Staff, Faculty Across Grounds Unite to 3-D Print, Create, Donate Critical Medical Supplies

April 9, 2020 By Christopher Tyree, Christopher Tyree,

We hear the alarming stories on a daily basis: Health care workers and first responders on the front lines in the U.S. areas hit hardest by COVID-19 don’t have the personal protective equipment, or PPE, that they need to safely combat the virus.

Jessica Denomme, an intensive care registered nurse at UVA Health and a paramedic, saw the writing on the wall in mid-March. Though UVA Health has thus far remained equipped with PPE, the demands of caring for people during a surge in the pandemic could quickly deplete the supplies. Denomme was concerned about the health of her co-workers and friends, and her paramedic colleagues suggested that perhaps some PPE could be 3-D printed. She knew exactly whom to contact.

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What happened next epitomizes the “can do” spirit that flows through the University of Virginia and into the surrounding region.

Denomme sent an email to the School of Engineering’s William Guilford, assistant dean for undergraduate education and associate professor of biomedical engineering, on March 18 asking about the potential for the school to help. Out of that, a Grounds-wide initiative quickly blossomed and now includes leaders from UVA Health, UVA Engineering, the School of Architecture, the Curry School of Education and Human Development and the Darden School of Business, as well as dozens of local community volunteers and businesses – all working remotely with no idea when they might be able to meet or work together in person.

Jessica Donomme holding a white facemask while looking at the camera
Jessica Denomme, an intensive care registered nurse at UVA Health and a paramedic, holds a mask designed by Jonathan Rosen, professor of practice in the Department of Biomedical Engineering at UVA Engineering, and his wife Nancy. Denomme was instrumental in working with others across Grounds to construct personal protective equipment for health care workers as COVID-19 cases continue to grow. (Photo courtesy UVA Engineering)

“I was seeing a lot of nurses around the country who didn’t have the protection they needed, succumbing to the disease and needing to be intubated,” Denomme said. “UVA has enough PPE now, but looking ahead, it is important to get on top of this.”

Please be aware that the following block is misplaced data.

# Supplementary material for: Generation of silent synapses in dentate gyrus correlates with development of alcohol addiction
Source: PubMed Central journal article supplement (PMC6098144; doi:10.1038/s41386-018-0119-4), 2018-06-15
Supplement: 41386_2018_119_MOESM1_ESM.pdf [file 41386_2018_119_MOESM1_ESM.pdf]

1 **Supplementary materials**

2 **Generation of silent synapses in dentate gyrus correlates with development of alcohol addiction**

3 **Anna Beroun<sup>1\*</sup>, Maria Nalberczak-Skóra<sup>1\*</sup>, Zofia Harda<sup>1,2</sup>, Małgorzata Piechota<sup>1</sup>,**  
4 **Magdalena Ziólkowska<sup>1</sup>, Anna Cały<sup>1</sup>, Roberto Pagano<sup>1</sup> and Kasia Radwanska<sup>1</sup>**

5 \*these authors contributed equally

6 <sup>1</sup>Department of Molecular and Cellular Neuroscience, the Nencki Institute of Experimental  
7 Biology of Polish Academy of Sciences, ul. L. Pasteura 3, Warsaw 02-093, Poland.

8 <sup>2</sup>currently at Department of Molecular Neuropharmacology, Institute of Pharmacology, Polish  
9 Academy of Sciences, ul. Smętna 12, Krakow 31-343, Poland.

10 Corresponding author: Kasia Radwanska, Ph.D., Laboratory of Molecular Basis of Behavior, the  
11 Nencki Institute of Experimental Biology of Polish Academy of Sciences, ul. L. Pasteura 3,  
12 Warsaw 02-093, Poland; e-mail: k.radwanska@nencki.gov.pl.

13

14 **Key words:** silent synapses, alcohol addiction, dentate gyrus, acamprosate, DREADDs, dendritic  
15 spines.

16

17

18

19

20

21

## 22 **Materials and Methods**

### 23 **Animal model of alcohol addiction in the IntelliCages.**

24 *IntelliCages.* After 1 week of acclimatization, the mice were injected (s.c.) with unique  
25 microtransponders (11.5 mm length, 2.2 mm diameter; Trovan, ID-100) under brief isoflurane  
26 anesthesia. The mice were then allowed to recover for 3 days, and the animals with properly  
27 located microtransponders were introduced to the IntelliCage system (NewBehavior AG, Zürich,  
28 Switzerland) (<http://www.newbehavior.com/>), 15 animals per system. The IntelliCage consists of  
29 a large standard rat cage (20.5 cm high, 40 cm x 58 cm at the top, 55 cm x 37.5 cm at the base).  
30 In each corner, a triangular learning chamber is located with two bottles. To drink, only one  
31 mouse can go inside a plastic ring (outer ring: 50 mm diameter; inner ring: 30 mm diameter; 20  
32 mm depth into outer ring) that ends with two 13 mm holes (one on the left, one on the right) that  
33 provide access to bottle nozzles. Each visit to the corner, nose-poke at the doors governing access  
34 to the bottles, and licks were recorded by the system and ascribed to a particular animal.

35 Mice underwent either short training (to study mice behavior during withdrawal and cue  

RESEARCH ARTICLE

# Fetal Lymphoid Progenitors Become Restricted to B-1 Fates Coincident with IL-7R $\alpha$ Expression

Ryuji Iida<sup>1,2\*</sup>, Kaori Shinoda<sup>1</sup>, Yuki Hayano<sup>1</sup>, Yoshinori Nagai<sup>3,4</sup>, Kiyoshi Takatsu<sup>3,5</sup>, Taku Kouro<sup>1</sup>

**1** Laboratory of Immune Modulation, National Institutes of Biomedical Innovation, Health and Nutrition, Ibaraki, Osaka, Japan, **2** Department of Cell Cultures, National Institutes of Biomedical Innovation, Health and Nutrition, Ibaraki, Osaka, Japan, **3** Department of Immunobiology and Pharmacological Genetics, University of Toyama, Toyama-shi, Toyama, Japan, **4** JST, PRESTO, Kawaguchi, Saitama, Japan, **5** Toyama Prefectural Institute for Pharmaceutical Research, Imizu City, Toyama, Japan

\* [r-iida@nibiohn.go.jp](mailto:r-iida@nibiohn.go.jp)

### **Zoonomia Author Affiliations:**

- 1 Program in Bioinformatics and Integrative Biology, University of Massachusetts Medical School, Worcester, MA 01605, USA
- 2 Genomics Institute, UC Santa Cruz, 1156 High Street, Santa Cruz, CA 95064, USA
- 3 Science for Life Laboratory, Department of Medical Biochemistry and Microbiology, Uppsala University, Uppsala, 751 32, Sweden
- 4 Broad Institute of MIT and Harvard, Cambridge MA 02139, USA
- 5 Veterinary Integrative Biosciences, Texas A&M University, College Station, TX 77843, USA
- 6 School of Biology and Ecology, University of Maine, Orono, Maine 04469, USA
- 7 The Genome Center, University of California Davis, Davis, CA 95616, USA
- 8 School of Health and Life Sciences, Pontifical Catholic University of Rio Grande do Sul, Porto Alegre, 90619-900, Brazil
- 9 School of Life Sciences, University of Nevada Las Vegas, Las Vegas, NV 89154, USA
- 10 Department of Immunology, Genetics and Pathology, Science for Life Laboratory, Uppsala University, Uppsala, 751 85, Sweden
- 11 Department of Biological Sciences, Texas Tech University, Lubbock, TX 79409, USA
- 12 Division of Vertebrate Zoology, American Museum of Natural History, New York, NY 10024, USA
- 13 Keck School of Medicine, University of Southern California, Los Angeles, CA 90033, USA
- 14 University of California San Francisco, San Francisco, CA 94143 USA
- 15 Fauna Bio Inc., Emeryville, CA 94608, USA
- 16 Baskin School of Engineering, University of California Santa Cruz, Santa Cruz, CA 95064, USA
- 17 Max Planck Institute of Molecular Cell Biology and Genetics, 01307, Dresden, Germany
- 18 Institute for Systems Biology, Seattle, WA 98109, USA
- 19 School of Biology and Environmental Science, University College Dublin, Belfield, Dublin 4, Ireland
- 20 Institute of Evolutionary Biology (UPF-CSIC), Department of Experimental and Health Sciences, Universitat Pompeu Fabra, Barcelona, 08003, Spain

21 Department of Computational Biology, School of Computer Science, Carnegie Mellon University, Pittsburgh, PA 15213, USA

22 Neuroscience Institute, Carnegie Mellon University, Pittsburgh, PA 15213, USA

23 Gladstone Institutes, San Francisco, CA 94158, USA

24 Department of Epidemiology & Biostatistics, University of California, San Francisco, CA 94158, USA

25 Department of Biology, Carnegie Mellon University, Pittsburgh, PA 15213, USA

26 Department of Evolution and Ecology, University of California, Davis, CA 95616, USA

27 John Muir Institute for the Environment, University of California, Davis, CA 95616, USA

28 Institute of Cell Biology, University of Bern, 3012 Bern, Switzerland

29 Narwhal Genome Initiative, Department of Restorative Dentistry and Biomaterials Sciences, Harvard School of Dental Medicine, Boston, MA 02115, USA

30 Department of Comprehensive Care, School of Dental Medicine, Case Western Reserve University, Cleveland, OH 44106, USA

Guilford quickly assembled a Zoom meeting including, among others, Denomme; Dr. Taison Bell, assistant professor of medicine in the divisions of Infectious Diseases and International Health and Pulmonary and Critical Care Medicine at UVA, as well as the assistant director of UVA Health’s Medical Intensive Care Unit; Jonathan Rosen, professor of practice in the Department of Biomedical Engineering, and his wife Nancy; and Tiffany Pillifant, a Darden executive MBA student and operations expert from Thomson Reuters Corp.

“In what other world would a meeting like that happen with such an eclectic group of people?” Bell said. “We all saw this trend where PPE was being depleted, and the supply chains from Italy and China were being shut down because of the virus. Everyone is now competing for limited resources, and states where the virus surged early would end up with most of the supplies.”

At the end of the group’s first meeting, it was clear that N95-like masks, cotton masks, face shields and nasopharyngeal swabs for COVID-19 testing were a priority.

While the group was getting organized, and before the University announced its moves to remote work and “essential tasks only” on Grounds, some people were already firing up 3-D printers in their homes and labs. Some, like the faculty, staff and students of the Department of Materials Science and Engineering, had gotten started gathering and donating existing supplies, such as masks and gloves, to local medical professionals. Other volunteers were threading their sewing machines and hunting the internet for elastic.